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A transponder (XPDR) is a receiver/transmitter which will generate a reply signal upon proper interrogation; the interrogation and reply being on different frequencies. (ICAO)
Transponders first came into use to enable military authorities to identify friendly aircraft, which transmitted a coded signal when interrogated by military radar. This was known as IFF (Identification Friend or Foe).
Subsequently, transponders have come into widespread use in civil as well as military aviation. It is now standard practice to allocate a specific transponder code to each aircraft flying in controlled airspace so that the ATCO can readily identify a specific aircraft on a crowded radar screen, using SSR (Secondary Surveillance Radar).
By international agreement, 2000 is used for aircraft which have not been assigned a transponder code, although in some parts of Europe, 7000 is used for this purpose. Details of standard codes in different countries may be found in national AIPs.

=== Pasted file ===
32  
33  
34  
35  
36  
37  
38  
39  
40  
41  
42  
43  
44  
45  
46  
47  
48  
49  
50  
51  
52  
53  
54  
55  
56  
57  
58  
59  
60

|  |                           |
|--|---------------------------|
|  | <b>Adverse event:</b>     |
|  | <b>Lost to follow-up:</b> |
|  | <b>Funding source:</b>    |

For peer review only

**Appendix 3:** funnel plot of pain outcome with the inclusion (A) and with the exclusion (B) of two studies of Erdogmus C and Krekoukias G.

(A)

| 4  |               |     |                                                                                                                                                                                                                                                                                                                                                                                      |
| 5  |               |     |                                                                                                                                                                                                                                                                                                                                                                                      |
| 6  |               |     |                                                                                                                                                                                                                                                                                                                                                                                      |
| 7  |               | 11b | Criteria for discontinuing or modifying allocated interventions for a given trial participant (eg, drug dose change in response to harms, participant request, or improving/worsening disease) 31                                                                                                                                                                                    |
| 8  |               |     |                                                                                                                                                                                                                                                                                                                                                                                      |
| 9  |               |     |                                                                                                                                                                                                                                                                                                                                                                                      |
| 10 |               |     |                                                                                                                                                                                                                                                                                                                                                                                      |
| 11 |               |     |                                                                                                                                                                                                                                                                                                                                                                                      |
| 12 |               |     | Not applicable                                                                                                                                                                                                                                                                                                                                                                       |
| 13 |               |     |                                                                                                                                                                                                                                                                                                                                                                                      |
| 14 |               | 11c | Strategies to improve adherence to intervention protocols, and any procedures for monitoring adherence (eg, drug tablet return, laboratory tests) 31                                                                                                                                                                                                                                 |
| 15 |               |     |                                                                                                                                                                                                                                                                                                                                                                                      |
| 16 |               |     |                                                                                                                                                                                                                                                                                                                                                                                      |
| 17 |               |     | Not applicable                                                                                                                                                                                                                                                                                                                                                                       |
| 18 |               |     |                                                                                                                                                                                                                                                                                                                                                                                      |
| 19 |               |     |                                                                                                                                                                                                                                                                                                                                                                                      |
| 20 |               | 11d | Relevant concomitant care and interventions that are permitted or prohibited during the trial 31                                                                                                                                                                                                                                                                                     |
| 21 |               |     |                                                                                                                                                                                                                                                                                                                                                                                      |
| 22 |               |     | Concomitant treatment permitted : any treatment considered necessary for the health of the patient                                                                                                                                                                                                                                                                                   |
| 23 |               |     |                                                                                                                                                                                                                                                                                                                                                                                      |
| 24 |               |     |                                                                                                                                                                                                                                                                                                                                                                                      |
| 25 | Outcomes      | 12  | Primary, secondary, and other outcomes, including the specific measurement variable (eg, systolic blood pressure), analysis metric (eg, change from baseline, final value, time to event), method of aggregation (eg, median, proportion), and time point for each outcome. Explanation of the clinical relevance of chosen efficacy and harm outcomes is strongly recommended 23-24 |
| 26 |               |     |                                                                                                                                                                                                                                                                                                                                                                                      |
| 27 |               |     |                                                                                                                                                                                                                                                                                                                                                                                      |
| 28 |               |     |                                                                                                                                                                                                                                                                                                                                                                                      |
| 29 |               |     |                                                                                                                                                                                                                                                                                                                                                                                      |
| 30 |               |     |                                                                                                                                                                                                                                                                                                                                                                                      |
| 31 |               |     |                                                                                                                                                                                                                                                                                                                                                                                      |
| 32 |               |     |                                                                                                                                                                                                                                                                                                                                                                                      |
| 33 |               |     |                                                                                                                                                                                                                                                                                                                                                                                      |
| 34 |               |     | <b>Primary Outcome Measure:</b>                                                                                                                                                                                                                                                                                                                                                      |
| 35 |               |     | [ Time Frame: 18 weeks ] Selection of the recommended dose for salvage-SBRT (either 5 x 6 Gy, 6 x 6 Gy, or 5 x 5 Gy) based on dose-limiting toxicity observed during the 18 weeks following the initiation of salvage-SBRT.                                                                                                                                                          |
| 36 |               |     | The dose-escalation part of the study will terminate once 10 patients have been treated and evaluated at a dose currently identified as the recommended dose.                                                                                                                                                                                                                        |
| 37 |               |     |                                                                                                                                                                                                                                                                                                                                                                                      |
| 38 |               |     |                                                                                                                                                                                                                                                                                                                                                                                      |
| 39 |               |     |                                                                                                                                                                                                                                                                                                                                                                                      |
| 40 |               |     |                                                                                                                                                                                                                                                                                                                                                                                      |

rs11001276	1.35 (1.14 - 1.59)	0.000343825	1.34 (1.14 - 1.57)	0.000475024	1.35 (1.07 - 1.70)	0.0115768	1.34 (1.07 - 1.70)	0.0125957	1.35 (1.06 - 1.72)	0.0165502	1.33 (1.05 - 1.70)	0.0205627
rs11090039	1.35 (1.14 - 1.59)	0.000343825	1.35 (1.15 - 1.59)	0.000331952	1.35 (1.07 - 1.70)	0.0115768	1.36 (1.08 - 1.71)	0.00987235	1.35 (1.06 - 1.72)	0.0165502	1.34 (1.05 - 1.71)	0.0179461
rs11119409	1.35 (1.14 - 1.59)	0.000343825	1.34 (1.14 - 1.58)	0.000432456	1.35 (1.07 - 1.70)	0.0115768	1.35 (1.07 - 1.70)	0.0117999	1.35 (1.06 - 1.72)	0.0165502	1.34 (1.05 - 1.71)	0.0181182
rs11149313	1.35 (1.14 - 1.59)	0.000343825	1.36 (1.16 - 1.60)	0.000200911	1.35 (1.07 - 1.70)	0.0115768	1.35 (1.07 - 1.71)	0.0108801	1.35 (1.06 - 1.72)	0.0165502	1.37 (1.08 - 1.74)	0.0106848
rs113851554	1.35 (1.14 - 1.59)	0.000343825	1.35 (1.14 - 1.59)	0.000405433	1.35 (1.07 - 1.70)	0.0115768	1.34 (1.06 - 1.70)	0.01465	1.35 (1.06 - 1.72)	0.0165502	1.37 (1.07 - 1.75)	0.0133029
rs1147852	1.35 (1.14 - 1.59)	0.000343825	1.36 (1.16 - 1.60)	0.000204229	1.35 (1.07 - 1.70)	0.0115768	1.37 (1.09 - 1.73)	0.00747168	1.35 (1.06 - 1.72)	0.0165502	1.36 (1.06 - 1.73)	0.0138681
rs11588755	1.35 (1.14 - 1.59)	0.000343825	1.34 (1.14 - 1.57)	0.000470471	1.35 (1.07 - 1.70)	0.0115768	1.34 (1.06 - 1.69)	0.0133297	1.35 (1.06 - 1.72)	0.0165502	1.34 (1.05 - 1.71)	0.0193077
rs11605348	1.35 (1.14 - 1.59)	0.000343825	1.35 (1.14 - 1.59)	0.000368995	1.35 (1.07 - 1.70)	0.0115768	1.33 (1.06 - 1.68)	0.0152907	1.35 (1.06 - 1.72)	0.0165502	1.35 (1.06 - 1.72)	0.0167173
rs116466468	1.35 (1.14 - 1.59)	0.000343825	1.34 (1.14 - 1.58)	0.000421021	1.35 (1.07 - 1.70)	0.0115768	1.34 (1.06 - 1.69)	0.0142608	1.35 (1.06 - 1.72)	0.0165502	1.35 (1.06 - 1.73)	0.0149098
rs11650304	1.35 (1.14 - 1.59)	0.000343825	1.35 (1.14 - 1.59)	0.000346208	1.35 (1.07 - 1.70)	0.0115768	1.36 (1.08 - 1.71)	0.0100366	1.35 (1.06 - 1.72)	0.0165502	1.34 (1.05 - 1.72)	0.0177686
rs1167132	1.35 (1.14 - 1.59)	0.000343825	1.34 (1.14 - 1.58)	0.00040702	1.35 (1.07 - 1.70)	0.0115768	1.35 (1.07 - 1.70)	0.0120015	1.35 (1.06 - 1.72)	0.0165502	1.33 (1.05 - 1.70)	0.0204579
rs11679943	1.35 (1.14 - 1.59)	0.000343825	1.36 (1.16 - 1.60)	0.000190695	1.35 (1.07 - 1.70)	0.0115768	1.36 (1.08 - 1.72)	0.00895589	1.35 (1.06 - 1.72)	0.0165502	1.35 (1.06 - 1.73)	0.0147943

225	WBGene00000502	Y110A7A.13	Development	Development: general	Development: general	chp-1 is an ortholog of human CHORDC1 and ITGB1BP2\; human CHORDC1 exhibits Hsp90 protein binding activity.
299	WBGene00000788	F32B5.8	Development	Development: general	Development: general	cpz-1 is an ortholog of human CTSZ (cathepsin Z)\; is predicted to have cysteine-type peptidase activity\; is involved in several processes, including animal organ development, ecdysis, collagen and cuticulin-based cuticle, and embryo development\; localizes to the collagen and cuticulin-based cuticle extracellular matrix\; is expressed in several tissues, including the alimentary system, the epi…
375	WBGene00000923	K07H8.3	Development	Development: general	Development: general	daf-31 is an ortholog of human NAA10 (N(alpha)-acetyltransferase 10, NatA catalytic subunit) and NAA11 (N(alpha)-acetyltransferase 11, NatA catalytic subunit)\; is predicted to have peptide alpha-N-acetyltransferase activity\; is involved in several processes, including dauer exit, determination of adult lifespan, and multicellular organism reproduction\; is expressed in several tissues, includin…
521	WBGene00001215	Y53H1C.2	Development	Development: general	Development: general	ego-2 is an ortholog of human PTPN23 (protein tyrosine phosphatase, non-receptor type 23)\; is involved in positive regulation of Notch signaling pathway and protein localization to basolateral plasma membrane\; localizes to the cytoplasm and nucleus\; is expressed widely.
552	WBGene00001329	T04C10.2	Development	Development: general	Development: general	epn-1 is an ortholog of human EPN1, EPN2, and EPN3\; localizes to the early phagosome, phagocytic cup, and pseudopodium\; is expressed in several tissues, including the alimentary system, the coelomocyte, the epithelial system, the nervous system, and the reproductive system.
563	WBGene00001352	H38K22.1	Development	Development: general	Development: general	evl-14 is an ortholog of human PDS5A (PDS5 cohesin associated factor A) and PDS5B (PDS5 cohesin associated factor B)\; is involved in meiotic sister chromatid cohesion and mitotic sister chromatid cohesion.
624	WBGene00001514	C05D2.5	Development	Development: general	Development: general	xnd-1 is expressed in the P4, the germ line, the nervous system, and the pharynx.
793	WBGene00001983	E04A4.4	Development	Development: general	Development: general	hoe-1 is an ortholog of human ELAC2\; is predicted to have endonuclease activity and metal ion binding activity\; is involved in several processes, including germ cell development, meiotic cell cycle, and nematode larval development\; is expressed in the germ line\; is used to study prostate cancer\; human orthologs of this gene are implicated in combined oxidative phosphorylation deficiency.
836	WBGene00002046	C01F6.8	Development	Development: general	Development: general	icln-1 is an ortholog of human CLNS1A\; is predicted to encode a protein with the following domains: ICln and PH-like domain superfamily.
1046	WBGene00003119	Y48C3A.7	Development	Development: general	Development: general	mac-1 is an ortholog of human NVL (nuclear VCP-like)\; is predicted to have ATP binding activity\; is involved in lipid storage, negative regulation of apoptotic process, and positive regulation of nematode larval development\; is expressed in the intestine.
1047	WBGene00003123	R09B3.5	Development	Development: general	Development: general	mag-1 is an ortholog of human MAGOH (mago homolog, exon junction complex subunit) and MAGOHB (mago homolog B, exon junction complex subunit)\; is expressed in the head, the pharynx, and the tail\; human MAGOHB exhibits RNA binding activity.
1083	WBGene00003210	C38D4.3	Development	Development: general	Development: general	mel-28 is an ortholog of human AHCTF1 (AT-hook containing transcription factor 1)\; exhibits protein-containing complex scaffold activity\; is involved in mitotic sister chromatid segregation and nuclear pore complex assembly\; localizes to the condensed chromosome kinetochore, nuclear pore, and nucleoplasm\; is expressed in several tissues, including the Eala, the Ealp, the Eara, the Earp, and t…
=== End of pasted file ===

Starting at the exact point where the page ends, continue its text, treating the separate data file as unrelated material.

Special codes are used in emergency, as follows:
- hi-jack (7500);
- loss of communication (7600); and,
- general emergency (7700).
Mode A, C, S and Ident
Civil aircraft may be equipped with transponders capable of operating in different modes:
- Mode A equipment transmits an identifying code only.
- Mode C equipment enables the ATCO to see the aircraft altitude or flight level automatically.
- Mode S equipment has altitude capability and also permits data exchange.
Mode C or S equipment is a mandatory requirement for many busy areas of controlled airspace.
Transponders have an “Ident” facility which causes the aircraft radar response to stand out when the pilot operates the Ident switch in the cockpit. This should only be opoerated upon ATC request.
Transponders and ACAS
ACAS operation requires that both aircraft - the interrogator and the target - are equipped with operating transponders. An aircraft equipped with ACAS will receive the following information depending on the type of transponder with which the target aircraft is equipped: